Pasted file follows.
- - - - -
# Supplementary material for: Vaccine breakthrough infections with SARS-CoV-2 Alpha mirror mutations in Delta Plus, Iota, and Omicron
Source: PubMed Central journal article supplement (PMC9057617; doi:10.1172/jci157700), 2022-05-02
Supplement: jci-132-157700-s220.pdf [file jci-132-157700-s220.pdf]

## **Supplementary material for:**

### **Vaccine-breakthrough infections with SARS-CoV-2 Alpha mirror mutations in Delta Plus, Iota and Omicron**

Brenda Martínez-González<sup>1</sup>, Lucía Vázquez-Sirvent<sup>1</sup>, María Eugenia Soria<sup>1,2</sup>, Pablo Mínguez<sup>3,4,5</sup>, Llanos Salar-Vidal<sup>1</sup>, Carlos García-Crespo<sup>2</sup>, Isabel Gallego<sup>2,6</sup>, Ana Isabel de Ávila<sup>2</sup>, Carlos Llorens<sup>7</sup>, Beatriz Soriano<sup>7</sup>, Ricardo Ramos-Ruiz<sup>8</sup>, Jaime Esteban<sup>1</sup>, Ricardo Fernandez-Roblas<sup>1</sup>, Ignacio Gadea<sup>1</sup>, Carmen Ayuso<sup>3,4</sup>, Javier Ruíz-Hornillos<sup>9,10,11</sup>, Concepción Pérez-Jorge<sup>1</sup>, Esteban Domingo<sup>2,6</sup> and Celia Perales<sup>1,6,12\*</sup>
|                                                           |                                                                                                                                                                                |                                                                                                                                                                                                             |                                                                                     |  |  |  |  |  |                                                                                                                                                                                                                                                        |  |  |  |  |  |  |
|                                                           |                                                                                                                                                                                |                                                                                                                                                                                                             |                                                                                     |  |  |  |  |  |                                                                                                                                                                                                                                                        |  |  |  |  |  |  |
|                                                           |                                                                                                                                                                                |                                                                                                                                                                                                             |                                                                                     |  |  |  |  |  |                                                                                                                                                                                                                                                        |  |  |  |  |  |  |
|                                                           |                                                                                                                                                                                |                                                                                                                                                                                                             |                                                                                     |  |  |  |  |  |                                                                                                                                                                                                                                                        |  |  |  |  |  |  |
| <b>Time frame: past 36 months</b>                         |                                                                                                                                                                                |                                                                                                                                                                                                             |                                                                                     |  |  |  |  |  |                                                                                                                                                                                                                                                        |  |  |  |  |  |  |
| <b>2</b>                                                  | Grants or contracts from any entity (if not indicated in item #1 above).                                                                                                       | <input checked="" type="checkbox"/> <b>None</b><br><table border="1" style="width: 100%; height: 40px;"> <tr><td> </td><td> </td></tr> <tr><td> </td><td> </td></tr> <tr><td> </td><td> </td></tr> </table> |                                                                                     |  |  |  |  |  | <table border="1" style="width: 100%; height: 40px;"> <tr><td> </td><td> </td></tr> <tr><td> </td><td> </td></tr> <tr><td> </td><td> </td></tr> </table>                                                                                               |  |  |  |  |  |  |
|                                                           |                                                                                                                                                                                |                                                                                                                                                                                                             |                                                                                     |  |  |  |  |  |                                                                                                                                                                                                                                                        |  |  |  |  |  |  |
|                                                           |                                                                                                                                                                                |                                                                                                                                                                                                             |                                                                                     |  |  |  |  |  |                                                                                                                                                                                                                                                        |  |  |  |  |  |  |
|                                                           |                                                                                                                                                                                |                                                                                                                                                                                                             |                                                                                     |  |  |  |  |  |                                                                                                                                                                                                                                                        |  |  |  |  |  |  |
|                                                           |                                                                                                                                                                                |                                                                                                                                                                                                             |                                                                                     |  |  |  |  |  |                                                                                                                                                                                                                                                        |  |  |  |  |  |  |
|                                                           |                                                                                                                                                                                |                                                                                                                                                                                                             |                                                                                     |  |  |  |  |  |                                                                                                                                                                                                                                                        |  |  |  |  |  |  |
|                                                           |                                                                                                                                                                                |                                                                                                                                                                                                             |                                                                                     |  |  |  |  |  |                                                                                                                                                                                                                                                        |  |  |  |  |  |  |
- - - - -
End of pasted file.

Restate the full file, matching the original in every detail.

# Supplementary material for: Vaccine breakthrough infections with SARS-CoV-2 Alpha mirror mutations in Delta Plus, Iota, and Omicron
Source: PubMed Central journal article supplement (PMC9057617; doi:10.1172/jci157700), 2022-05-02
Supplement: jci-132-157700-s220.pdf [file jci-132-157700-s220.pdf]

## **Supplementary material for:**

### **Vaccine-breakthrough infections with SARS-CoV-2 Alpha mirror mutations in Delta Plus, Iota and Omicron**

Brenda Martínez-González<sup>1</sup>, Lucía Vázquez-Sirvent<sup>1</sup>, María Eugenia Soria<sup>1,2</sup>, Pablo Mínguez<sup>3,4,5</sup>, Llanos Salar-Vidal<sup>1</sup>, Carlos García-Crespo<sup>2</sup>, Isabel Gallego<sup>2,6</sup>, Ana Isabel de Ávila<sup>2</sup>, Carlos Llorens<sup>7</sup>, Beatriz Soriano<sup>7</sup>, Ricardo Ramos-Ruiz<sup>8</sup>, Jaime Esteban<sup>1</sup>, Ricardo Fernandez-Roblas<sup>1</sup>, Ignacio Gadea<sup>1</sup>, Carmen Ayuso<sup>3,4</sup>, Javier Ruíz-Hornillos<sup>9,10,11</sup>, Concepción Pérez-Jorge<sup>1</sup>, Esteban Domingo<sup>2,6</sup> and Celia Perales<sup>1,6,12\*</sup>
|                                                           |                                                                                                                                                                                |                                                                                                                                                                                                             |                                                                                     |  |  |  |  |  |                                                                                                                                                                                                                                                        |  |  |  |  |  |  |
|                                                           |                                                                                                                                                                                |                                                                                                                                                                                                             |                                                                                     |  |  |  |  |  |                                                                                                                                                                                                                                                        |  |  |  |  |  |  |
|                                                           |                                                                                                                                                                                |                                                                                                                                                                                                             |                                                                                     |  |  |  |  |  |                                                                                                                                                                                                                                                        |  |  |  |  |  |  |
|                                                           |                                                                                                                                                                                |                                                                                                                                                                                                             |                                                                                     |  |  |  |  |  |                                                                                                                                                                                                                                                        |  |  |  |  |  |  |
| <b>Time frame: past 36 months</b>                         |                                                                                                                                                                                |                                                                                                                                                                                                             |                                                                                     |  |  |  |  |  |                                                                                                                                                                                                                                                        |  |  |  |  |  |  |
| <b>2</b>                                                  | Grants or contracts from any entity (if not indicated in item #1 above).                                                                                                       | <input checked="" type="checkbox"/> <b>None</b><br><table border="1" style="width: 100%; height: 40px;"> <tr><td> </td><td> </td></tr> <tr><td> </td><td> </td></tr> <tr><td> </td><td> </td></tr> </table> |                                                                                     |  |  |  |  |  | <table border="1" style="width: 100%; height: 40px;"> <tr><td> </td><td> </td></tr> <tr><td> </td><td> </td></tr> <tr><td> </td><td> </td></tr> </table>                                                                                               |  |  |  |  |  |  |
|                                                           |                                                                                                                                                                                |                                                                                                                                                                                                             |                                                                                     |  |  |  |  |  |                                                                                                                                                                                                                                                        |  |  |  |  |  |  |
|                                                           |                                                                                                                                                                                |                                                                                                                                                                                                             |                                                                                     |  |  |  |  |  |                                                                                                                                                                                                                                                        |  |  |  |  |  |  |
|                                                           |                                                                                                                                                                                |                                                                                                                                                                                                             |                                                                                     |  |  |  |  |  |                                                                                                                                                                                                                                                        |  |  |  |  |  |  |
|                                                           |                                                                                                                                                                                |                                                                                                                                                                                                             |                                                                                     |  |  |  |  |  |                                                                                                                                                                                                                                                        |  |  |  |  |  |  |
|                                                           |                                                                                                                                                                                |                                                                                                                                                                                                             |                                                                                     |  |  |  |  |  |                                                                                                                                                                                                                                                        |  |  |  |  |  |  |
|                                                           |                                                                                                                                                                                |                                                                                                                                                                                                             |                                                                                     |  |  |  |  |  |                                                                                                                                                                                                                                                        |  |  |  |  |  |  |